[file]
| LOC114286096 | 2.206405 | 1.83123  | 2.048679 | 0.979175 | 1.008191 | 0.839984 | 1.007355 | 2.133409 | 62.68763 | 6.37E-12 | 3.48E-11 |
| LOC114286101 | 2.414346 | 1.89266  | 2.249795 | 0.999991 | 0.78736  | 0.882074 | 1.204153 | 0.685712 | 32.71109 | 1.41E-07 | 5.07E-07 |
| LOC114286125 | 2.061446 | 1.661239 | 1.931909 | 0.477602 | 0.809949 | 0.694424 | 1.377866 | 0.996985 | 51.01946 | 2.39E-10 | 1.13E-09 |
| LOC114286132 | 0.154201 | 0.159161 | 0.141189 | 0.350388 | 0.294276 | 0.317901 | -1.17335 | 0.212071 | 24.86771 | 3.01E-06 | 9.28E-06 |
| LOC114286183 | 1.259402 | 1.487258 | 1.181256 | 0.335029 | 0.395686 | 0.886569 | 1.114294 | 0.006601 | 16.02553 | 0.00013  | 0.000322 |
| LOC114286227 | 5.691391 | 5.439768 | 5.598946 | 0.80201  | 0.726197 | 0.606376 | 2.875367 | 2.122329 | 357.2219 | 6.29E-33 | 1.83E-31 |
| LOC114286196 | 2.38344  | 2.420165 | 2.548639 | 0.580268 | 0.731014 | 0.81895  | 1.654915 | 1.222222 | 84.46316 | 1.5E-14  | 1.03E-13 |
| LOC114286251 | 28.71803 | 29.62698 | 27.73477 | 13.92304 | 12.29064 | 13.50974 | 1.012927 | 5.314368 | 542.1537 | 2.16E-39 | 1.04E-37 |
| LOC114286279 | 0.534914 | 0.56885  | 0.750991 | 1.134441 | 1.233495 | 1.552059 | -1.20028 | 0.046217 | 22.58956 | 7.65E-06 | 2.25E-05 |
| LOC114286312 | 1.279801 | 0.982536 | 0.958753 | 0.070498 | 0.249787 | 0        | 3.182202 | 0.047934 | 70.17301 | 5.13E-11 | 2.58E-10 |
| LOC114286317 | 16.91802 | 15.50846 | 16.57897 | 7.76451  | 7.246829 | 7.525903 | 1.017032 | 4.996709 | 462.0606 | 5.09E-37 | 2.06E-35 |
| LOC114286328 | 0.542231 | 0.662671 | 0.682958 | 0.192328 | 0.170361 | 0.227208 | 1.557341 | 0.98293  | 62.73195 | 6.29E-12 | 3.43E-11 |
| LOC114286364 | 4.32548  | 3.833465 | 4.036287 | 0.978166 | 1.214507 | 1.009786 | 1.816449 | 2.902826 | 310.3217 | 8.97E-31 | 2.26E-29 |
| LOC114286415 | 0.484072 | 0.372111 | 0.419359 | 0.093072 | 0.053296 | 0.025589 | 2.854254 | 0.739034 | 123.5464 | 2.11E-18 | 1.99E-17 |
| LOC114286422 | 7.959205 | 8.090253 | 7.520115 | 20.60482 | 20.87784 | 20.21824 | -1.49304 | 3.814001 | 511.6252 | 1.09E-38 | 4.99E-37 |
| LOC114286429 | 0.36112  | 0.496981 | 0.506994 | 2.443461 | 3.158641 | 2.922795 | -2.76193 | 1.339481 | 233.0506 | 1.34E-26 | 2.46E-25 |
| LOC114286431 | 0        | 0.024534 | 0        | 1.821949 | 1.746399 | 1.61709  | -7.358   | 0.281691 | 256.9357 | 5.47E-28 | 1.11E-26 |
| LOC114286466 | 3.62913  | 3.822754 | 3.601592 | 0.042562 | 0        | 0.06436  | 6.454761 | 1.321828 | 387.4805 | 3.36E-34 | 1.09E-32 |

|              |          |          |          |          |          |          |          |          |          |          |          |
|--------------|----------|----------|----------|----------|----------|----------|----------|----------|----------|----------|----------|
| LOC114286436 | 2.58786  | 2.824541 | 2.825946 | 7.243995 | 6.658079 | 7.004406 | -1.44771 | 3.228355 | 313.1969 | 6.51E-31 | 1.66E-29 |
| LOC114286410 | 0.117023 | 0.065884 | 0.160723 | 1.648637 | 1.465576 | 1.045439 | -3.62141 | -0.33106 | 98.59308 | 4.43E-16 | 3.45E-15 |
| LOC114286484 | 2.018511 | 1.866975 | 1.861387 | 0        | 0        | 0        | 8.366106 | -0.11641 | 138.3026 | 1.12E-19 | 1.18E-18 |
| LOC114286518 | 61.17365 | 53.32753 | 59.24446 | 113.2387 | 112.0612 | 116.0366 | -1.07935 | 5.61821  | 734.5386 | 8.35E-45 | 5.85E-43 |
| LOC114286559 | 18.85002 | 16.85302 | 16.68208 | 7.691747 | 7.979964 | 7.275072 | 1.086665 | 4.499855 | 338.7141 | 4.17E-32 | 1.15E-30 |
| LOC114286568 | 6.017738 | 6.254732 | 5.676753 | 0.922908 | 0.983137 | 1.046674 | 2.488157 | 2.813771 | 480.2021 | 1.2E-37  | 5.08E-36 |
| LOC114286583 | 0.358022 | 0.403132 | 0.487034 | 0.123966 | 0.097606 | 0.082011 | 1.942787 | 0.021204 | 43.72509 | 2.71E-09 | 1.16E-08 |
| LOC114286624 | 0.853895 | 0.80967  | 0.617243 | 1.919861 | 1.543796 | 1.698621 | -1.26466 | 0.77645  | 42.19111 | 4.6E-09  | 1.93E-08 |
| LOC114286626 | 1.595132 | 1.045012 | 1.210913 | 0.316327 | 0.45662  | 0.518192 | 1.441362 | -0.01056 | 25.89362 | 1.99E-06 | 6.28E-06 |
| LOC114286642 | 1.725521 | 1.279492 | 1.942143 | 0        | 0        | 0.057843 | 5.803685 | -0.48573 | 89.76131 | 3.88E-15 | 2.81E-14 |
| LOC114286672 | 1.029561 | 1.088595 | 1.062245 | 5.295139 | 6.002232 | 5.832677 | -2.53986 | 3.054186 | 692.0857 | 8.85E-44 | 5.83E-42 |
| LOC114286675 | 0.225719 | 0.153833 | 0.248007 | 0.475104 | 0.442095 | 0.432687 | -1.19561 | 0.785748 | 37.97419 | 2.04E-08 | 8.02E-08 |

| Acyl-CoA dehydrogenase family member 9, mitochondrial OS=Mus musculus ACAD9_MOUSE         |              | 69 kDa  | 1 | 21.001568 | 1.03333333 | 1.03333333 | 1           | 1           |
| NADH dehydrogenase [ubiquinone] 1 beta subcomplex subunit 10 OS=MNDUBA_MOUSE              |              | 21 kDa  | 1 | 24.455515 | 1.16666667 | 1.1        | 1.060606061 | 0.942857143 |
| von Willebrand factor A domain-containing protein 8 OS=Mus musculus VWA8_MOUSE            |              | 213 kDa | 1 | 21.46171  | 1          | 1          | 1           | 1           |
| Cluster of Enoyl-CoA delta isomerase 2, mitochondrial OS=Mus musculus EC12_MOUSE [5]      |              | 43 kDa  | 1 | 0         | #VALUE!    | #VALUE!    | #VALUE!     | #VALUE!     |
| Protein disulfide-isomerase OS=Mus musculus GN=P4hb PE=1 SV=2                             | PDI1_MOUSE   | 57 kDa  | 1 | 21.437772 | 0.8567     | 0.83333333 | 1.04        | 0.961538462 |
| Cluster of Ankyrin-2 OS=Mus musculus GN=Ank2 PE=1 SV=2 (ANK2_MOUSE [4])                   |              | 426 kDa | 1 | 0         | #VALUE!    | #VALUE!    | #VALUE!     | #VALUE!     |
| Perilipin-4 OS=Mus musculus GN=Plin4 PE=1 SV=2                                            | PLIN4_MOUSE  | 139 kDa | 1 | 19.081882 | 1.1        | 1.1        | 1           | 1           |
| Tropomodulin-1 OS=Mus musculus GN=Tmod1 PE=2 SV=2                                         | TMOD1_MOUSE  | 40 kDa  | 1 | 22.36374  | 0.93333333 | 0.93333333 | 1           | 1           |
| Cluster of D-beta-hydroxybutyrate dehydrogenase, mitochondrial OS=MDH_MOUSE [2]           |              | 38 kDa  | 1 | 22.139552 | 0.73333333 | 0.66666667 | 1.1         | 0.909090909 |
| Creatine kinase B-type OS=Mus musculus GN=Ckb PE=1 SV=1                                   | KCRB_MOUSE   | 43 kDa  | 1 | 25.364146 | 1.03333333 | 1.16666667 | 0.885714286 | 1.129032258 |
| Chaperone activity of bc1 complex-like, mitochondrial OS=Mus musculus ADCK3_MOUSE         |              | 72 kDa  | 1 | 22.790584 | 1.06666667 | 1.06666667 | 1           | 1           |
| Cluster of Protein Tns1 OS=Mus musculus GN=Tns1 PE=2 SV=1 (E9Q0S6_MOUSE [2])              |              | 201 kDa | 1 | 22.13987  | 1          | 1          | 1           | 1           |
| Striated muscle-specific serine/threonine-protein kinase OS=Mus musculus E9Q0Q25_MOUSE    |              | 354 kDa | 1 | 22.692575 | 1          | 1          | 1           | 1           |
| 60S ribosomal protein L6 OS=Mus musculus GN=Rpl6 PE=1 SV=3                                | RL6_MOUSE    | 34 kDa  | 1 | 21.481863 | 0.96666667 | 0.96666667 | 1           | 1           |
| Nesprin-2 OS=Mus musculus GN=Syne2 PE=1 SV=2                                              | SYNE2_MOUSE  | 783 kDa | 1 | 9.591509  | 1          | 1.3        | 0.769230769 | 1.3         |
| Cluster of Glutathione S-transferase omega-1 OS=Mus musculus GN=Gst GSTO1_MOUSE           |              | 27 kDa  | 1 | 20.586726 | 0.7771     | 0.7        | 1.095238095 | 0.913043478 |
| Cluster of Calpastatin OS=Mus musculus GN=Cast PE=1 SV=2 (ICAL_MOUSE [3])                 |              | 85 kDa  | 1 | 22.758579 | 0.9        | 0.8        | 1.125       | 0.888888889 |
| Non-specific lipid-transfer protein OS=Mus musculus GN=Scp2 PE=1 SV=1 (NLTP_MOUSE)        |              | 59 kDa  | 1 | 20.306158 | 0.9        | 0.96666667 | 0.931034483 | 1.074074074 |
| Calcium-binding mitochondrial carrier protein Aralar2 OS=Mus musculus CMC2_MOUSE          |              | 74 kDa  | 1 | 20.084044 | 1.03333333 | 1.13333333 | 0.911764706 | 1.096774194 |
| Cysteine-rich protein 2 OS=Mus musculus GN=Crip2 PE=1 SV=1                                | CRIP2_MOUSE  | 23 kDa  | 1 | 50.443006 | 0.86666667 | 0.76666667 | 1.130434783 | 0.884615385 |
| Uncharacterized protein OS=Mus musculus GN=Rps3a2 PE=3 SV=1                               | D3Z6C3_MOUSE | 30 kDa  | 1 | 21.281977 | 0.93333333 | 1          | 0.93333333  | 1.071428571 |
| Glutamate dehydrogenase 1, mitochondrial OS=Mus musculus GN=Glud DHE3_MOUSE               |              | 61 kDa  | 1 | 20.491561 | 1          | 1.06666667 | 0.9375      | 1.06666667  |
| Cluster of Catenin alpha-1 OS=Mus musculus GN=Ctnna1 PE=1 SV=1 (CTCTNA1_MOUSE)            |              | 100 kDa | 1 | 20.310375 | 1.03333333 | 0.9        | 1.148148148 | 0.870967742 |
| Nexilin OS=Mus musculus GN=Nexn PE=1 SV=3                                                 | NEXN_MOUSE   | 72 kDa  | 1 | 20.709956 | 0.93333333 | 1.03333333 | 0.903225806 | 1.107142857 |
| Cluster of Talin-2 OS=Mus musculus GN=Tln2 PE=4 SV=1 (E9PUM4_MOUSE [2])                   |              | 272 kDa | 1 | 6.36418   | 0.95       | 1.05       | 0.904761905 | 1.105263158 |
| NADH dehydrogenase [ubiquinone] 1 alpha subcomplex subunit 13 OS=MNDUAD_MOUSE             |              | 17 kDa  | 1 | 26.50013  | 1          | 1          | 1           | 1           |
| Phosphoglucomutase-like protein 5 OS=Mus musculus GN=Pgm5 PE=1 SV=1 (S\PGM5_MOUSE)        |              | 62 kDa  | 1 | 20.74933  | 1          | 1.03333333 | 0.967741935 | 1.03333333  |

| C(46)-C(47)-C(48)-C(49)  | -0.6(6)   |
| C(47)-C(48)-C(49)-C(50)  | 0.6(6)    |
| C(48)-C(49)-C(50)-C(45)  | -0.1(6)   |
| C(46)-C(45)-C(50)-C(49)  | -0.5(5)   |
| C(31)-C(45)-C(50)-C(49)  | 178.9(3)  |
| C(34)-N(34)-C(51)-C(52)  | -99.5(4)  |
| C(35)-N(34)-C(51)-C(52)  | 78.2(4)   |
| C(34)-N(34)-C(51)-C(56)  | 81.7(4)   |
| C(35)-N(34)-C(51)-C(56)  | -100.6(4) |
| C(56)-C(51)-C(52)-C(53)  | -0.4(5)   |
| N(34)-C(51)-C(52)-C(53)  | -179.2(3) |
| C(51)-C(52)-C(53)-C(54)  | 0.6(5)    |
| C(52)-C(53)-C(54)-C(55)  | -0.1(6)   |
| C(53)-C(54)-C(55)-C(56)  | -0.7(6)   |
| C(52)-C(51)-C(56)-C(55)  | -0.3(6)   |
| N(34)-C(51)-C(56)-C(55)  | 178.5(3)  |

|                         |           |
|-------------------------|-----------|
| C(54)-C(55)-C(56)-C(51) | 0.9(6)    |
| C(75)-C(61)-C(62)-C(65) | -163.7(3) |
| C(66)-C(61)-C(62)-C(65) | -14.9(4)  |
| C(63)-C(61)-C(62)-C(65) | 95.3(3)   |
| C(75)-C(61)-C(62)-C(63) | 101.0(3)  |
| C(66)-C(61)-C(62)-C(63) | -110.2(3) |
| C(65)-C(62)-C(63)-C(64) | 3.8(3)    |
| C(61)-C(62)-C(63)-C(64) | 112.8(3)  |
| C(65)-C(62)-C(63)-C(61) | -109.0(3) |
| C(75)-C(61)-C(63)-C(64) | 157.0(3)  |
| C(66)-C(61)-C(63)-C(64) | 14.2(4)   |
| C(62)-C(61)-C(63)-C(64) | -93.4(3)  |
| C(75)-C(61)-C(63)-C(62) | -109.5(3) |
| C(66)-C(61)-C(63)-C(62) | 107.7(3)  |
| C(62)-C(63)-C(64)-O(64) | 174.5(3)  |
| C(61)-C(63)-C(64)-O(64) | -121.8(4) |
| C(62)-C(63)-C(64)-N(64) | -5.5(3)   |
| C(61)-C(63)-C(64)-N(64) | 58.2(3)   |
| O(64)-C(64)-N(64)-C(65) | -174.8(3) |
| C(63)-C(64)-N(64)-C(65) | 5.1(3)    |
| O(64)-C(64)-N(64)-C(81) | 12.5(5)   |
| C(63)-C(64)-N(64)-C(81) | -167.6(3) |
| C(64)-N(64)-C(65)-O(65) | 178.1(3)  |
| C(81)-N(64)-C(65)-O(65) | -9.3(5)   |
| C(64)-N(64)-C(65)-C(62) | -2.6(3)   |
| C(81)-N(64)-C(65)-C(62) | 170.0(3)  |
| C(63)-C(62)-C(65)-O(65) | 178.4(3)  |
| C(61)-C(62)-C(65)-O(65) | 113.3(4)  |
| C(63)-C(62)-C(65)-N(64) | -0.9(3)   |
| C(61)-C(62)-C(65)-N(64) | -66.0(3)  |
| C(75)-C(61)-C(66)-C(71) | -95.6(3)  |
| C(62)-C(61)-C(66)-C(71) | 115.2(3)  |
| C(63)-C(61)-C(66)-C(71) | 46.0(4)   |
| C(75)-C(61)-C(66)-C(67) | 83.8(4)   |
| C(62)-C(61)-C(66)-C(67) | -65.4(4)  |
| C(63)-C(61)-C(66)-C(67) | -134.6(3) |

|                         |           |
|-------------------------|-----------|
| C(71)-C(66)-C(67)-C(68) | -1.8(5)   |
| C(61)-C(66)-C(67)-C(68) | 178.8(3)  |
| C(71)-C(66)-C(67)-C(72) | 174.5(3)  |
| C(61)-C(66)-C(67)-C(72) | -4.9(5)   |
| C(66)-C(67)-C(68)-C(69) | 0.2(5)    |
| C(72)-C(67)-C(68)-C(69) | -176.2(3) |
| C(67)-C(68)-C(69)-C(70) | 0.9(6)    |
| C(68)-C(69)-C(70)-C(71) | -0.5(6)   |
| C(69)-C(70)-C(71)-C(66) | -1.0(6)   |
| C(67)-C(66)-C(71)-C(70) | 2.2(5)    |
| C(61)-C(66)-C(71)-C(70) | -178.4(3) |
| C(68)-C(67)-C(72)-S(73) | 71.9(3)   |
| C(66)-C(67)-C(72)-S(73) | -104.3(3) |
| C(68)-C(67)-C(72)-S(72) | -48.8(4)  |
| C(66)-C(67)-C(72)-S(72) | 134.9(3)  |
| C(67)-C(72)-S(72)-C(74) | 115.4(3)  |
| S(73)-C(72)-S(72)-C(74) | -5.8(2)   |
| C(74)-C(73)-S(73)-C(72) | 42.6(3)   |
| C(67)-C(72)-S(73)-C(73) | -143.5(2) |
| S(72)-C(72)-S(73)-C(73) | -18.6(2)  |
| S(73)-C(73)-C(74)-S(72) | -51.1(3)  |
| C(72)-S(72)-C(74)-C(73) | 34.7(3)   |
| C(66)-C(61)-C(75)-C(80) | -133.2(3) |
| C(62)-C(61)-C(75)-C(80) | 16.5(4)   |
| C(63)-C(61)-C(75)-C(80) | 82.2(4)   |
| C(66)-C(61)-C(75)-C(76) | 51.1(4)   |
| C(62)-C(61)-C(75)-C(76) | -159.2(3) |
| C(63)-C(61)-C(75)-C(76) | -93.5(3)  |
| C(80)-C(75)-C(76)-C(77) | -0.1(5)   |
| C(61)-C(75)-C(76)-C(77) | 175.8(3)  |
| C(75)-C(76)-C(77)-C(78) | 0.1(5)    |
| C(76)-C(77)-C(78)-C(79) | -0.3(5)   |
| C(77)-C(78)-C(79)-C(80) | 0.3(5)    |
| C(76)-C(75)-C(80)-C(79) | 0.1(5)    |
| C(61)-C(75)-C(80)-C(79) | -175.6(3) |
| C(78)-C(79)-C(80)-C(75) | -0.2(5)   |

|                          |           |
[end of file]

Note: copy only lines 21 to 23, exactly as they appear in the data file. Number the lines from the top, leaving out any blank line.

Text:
| LOC114286436 | 2.58786  | 2.824541 | 2.825946 | 7.243995 | 6.658079 | 7.004406 | -1.44771 | 3.228355 | 313.1969 | 6.51E-31 | 1.66E-29 |
| LOC114286410 | 0.117023 | 0.065884 | 0.160723 | 1.648637 | 1.465576 | 1.045439 | -3.62141 | -0.33106 | 98.59308 | 4.43E-16 | 3.45E-15 |
| LOC114286484 | 2.018511 | 1.866975 | 1.861387 | 0        | 0        | 0        | 8.366106 | -0.11641 | 138.3026 | 1.12E-19 | 1.18E-18 |